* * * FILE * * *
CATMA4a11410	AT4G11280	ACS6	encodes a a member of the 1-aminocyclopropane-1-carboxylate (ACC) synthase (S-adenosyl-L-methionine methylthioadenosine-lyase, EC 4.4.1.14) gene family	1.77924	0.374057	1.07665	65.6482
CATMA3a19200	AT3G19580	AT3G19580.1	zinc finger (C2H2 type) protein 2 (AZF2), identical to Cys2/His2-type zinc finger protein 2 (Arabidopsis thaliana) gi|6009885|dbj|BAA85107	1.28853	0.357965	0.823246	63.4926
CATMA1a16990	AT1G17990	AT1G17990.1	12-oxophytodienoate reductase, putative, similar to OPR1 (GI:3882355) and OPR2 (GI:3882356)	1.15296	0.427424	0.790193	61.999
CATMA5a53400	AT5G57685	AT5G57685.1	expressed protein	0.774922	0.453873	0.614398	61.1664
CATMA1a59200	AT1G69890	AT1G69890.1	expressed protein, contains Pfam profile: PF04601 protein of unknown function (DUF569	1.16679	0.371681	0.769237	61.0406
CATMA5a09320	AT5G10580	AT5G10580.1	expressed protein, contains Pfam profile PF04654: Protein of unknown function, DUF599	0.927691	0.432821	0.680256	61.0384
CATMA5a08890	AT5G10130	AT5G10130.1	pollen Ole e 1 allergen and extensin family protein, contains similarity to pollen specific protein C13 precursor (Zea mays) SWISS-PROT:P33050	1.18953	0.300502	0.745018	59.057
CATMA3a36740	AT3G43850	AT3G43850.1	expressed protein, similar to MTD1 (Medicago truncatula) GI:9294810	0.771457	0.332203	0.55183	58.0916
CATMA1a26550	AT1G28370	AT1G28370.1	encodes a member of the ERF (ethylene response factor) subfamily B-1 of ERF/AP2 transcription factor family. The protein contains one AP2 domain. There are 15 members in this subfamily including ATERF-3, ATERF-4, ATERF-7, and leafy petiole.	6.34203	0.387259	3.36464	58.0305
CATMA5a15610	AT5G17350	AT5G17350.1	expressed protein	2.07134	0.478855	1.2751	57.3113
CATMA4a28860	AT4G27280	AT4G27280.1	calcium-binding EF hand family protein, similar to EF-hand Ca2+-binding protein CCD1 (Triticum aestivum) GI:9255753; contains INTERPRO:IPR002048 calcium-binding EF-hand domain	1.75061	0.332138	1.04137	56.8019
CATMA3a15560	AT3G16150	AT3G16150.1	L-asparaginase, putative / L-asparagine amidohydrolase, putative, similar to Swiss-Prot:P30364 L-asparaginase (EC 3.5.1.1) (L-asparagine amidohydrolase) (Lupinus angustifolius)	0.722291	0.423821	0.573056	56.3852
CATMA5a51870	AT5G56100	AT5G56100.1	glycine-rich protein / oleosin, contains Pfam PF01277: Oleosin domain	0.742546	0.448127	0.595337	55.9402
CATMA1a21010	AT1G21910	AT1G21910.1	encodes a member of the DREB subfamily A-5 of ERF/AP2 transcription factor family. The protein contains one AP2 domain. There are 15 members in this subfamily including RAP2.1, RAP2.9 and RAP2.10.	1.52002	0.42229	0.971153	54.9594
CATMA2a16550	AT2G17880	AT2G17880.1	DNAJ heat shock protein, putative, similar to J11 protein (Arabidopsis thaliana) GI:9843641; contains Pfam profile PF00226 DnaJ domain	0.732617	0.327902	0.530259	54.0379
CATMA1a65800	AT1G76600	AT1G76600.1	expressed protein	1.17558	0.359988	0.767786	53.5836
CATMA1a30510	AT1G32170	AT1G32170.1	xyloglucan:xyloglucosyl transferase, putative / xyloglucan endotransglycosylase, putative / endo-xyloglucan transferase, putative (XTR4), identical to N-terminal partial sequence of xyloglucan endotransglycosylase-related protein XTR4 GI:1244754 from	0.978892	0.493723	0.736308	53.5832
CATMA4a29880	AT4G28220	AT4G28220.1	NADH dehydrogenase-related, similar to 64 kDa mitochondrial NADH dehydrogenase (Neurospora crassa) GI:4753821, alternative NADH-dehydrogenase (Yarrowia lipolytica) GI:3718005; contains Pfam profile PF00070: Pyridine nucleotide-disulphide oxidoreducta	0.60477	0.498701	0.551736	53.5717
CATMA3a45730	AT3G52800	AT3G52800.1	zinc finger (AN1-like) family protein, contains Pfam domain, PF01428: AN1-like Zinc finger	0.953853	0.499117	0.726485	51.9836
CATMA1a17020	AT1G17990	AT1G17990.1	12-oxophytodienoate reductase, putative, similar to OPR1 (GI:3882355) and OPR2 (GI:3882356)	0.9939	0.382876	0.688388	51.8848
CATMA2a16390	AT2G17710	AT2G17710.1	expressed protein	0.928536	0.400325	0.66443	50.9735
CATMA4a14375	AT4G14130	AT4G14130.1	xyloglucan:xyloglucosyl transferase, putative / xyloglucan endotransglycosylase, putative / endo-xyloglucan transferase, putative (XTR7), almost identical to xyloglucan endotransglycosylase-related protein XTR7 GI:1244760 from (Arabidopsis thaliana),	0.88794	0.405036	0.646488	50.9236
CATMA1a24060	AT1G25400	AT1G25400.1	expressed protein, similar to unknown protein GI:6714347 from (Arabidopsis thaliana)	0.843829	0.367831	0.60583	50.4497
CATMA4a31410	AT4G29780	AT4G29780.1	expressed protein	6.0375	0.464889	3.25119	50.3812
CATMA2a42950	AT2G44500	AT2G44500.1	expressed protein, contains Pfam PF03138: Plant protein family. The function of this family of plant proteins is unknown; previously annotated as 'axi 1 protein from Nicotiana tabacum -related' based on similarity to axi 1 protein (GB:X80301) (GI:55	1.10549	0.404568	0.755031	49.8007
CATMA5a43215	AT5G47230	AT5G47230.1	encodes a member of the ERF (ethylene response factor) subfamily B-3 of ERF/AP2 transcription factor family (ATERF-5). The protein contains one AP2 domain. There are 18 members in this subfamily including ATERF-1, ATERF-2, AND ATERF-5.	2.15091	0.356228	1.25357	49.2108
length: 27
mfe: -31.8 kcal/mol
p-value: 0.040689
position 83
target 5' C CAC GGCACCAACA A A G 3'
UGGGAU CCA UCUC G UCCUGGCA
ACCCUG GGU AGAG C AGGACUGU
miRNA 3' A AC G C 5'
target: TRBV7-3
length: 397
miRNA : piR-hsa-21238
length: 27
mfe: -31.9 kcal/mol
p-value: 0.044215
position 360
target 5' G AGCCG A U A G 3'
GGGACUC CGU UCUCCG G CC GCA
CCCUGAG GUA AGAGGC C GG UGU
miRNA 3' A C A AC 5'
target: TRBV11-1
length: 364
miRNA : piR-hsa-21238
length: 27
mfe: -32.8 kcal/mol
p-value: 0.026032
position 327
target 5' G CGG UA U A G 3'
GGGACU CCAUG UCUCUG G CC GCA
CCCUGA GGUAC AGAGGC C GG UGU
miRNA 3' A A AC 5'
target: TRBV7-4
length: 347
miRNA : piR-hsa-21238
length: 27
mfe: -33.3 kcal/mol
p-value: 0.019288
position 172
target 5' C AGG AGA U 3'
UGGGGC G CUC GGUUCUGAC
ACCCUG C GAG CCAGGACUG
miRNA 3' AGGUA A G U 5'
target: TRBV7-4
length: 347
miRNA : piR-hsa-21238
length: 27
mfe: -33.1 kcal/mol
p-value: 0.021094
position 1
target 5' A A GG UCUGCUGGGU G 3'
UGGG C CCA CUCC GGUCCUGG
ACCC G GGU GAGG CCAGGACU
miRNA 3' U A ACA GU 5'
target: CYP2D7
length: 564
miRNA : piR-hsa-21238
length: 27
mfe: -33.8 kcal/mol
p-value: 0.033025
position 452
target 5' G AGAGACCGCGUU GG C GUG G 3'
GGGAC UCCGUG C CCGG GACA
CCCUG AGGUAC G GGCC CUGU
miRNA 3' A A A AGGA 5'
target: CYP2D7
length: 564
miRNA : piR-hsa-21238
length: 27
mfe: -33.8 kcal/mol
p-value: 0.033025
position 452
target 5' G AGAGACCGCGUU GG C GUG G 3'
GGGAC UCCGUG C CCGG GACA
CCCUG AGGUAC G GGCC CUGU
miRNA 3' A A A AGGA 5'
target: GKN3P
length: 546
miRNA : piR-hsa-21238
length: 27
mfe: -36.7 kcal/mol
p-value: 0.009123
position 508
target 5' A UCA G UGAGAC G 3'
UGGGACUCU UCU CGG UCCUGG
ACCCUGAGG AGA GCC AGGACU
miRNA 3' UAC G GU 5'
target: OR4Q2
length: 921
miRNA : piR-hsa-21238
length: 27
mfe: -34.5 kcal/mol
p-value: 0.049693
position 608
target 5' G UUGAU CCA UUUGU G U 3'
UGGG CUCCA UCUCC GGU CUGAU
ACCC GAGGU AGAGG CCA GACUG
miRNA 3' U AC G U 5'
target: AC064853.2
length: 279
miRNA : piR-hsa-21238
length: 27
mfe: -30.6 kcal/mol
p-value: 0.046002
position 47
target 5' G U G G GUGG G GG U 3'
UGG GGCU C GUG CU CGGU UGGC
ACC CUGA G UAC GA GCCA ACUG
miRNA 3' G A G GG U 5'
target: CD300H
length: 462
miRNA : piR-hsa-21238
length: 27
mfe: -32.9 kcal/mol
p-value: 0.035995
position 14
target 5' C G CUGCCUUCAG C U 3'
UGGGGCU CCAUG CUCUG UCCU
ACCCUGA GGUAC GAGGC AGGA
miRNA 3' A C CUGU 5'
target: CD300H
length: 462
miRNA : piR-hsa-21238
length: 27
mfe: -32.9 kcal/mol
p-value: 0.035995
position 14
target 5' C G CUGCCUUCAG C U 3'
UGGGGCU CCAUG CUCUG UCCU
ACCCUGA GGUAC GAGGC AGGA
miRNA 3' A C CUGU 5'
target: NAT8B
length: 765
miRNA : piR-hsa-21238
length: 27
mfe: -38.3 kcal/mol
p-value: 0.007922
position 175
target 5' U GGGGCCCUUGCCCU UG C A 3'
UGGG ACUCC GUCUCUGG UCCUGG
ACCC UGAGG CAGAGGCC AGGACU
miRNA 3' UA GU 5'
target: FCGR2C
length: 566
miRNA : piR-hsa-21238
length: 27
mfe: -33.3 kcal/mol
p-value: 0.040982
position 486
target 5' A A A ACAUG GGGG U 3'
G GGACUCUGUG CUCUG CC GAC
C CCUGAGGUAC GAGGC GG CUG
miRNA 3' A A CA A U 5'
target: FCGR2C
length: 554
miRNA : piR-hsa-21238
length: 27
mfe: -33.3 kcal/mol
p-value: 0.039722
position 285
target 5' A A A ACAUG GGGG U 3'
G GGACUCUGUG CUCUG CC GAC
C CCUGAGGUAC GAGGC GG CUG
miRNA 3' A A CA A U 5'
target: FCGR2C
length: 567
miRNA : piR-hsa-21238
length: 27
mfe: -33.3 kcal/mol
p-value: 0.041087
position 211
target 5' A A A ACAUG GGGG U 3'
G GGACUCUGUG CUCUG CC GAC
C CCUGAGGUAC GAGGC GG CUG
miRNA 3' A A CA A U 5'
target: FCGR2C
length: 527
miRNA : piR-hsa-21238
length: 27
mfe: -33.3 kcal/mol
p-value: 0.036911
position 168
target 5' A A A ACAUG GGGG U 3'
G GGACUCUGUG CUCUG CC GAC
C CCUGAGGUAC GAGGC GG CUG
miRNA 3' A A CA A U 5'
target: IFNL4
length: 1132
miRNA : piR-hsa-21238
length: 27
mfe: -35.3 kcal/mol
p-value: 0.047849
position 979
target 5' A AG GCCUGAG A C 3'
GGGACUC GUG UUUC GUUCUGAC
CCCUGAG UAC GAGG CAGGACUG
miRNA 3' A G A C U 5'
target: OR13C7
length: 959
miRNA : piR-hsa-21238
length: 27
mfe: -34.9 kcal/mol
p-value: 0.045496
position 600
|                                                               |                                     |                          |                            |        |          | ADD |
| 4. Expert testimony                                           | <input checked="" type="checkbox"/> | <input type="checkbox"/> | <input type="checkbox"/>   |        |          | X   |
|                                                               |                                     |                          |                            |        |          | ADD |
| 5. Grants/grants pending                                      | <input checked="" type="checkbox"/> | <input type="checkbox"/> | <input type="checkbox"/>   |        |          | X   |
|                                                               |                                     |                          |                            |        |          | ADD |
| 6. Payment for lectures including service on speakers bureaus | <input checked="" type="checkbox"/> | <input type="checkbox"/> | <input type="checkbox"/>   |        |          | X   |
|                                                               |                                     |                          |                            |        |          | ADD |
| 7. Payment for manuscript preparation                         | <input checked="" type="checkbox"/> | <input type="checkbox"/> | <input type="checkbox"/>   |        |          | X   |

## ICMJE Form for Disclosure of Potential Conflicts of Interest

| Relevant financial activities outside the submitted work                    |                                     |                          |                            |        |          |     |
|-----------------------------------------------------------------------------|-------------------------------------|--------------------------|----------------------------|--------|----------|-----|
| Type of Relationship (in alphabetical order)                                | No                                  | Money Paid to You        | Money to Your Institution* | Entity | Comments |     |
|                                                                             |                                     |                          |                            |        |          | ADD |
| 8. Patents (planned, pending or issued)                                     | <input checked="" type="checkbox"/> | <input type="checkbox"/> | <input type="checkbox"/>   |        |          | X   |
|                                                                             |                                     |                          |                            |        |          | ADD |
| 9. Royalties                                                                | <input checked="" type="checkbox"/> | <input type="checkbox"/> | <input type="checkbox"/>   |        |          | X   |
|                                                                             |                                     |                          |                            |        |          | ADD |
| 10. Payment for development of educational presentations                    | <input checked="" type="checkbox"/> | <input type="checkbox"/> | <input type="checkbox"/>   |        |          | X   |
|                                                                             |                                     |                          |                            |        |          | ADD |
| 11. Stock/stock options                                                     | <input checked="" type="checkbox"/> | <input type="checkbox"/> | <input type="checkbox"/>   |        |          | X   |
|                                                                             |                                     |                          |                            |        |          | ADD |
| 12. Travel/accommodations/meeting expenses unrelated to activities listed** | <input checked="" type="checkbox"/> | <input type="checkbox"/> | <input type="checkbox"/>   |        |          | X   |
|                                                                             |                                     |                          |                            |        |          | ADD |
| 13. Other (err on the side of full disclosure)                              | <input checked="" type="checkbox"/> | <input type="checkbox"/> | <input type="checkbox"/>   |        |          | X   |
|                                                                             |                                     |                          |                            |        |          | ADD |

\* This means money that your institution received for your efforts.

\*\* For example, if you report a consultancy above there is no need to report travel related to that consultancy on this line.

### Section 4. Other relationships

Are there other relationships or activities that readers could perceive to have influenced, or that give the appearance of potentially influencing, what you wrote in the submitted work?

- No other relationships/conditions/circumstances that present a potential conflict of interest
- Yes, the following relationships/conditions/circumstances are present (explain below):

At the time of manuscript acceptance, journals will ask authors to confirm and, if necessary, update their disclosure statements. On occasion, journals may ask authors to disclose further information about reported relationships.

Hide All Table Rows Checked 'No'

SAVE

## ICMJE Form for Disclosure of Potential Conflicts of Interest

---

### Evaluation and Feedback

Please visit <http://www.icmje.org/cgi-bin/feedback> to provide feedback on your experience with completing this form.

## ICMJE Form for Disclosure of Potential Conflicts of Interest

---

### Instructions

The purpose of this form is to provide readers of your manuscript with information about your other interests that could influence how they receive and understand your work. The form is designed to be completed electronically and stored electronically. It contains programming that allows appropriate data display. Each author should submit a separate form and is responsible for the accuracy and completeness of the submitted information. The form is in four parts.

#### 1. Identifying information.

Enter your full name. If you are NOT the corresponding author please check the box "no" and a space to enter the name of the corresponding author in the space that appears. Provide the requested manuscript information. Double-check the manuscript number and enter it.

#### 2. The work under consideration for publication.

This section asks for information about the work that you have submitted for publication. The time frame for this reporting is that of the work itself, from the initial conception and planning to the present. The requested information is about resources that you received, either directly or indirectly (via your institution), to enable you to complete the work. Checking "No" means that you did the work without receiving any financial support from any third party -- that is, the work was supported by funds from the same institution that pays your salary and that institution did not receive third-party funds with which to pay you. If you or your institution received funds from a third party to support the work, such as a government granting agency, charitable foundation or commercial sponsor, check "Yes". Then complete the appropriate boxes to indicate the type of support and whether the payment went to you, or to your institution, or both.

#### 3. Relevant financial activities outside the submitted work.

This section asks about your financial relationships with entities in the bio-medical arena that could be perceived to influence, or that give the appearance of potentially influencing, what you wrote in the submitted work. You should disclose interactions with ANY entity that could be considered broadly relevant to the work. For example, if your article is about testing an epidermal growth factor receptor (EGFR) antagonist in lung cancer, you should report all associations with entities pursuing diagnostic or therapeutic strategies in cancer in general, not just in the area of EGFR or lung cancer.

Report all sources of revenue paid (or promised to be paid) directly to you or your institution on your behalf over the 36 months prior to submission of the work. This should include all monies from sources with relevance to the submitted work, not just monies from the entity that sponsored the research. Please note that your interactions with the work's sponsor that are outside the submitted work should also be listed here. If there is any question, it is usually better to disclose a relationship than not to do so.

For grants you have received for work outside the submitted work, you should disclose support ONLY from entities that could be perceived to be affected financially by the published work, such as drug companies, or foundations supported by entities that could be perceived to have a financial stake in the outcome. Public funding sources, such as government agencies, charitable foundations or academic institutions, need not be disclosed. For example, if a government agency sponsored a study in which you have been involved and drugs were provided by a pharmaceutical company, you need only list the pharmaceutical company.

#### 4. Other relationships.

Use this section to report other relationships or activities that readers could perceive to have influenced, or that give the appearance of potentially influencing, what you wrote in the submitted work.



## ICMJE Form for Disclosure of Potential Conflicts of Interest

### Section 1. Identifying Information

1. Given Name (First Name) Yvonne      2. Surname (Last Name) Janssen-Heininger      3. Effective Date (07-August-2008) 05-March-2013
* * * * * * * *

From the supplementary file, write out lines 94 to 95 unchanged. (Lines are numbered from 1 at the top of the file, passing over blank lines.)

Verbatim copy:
mfe: -33.8 kcal/mol
p-value: 0.033025